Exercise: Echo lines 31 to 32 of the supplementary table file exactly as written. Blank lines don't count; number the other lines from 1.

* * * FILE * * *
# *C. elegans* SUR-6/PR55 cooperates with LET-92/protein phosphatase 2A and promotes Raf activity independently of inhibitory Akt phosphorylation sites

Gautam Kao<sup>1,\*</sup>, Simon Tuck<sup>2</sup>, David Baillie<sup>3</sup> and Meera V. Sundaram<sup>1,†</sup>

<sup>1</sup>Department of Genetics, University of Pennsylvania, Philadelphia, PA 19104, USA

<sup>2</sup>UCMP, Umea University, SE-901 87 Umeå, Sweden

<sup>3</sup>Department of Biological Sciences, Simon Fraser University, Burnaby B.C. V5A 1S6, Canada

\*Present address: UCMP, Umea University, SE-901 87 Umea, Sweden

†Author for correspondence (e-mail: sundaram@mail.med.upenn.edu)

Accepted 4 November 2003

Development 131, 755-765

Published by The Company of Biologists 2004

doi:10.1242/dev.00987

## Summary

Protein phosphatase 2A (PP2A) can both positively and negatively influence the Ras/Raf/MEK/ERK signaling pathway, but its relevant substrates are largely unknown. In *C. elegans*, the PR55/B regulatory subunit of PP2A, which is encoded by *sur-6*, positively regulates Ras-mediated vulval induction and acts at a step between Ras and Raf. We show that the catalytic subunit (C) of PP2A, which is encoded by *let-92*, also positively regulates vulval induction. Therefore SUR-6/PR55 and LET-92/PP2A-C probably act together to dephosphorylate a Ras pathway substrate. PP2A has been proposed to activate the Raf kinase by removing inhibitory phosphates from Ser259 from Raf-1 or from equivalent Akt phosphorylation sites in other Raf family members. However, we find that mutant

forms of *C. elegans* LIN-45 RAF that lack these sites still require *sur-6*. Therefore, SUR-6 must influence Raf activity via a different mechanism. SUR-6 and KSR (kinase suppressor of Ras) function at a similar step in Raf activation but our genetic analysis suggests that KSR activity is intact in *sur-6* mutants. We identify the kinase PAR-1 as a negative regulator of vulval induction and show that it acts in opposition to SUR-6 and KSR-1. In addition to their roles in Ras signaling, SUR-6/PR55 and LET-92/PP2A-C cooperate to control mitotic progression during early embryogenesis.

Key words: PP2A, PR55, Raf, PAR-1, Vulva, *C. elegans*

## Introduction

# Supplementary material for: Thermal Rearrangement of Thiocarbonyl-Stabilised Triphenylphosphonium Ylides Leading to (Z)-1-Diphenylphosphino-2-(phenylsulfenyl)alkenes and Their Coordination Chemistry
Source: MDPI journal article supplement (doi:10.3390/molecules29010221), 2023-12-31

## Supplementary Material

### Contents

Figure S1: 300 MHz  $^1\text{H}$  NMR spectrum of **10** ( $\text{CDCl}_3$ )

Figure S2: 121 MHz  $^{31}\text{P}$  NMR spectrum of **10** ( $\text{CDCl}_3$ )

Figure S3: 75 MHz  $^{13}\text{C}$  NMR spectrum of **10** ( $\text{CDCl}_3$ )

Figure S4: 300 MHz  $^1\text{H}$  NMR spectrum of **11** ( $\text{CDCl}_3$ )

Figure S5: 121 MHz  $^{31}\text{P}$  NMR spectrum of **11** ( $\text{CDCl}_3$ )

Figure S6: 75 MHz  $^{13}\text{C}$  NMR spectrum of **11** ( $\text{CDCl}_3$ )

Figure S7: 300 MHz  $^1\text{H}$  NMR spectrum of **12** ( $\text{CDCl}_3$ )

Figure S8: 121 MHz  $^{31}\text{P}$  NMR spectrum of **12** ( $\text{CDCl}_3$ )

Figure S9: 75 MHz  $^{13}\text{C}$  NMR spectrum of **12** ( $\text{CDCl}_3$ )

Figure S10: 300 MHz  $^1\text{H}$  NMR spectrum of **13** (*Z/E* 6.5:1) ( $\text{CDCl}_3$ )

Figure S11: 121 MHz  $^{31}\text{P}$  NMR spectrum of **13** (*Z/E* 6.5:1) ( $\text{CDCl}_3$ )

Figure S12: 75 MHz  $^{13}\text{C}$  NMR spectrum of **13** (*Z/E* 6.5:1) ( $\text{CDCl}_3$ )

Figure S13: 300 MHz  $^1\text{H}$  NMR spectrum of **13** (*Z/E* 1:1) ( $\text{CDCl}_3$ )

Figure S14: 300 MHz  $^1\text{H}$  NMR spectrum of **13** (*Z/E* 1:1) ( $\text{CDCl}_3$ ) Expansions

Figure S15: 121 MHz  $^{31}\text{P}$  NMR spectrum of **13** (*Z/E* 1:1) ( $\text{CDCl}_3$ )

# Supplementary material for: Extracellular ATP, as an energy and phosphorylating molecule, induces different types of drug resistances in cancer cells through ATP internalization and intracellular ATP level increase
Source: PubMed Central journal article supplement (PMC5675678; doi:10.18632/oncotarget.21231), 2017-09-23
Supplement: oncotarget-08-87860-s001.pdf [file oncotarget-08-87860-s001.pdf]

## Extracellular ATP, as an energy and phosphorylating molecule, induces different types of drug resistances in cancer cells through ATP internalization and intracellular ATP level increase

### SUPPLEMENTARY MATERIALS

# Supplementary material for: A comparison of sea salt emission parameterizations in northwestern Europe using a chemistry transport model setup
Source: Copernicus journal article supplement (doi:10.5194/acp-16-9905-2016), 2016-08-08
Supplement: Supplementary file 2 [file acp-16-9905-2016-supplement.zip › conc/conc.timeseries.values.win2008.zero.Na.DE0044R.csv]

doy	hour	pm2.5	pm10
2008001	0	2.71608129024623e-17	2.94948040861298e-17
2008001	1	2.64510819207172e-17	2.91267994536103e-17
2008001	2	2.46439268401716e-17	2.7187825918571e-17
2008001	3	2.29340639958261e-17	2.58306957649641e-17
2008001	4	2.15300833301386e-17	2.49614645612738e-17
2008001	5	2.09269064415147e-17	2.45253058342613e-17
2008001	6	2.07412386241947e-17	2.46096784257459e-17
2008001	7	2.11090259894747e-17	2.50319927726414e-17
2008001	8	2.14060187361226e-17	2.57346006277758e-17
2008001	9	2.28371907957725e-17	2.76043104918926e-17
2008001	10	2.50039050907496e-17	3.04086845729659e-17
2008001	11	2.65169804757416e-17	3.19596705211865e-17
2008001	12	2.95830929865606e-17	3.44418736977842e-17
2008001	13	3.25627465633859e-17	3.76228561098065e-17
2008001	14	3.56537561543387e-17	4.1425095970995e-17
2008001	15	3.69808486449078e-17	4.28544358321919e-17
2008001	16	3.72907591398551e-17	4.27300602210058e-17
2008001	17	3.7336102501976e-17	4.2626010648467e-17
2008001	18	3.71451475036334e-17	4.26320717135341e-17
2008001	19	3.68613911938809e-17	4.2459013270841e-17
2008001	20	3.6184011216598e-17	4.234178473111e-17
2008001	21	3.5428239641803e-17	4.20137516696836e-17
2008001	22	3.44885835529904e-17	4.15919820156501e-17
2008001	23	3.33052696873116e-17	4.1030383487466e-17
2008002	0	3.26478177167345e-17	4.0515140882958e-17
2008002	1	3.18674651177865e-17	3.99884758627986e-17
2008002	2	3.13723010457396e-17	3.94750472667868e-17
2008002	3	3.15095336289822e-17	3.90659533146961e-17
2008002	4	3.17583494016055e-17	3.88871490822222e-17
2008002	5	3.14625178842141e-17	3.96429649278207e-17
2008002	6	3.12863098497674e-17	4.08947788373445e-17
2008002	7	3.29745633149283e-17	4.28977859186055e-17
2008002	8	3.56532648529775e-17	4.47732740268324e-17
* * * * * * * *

Figure S11: 121 MHz  $^{31}\text{P}$  NMR spectrum of **13** (*Z/E* 6.5:1) ( $\text{CDCl}_3$ )

Figure S12: 75 MHz  $^{13}\text{C}$  NMR spectrum of **13** (*Z/E* 6.5:1) ( $\text{CDCl}_3$ )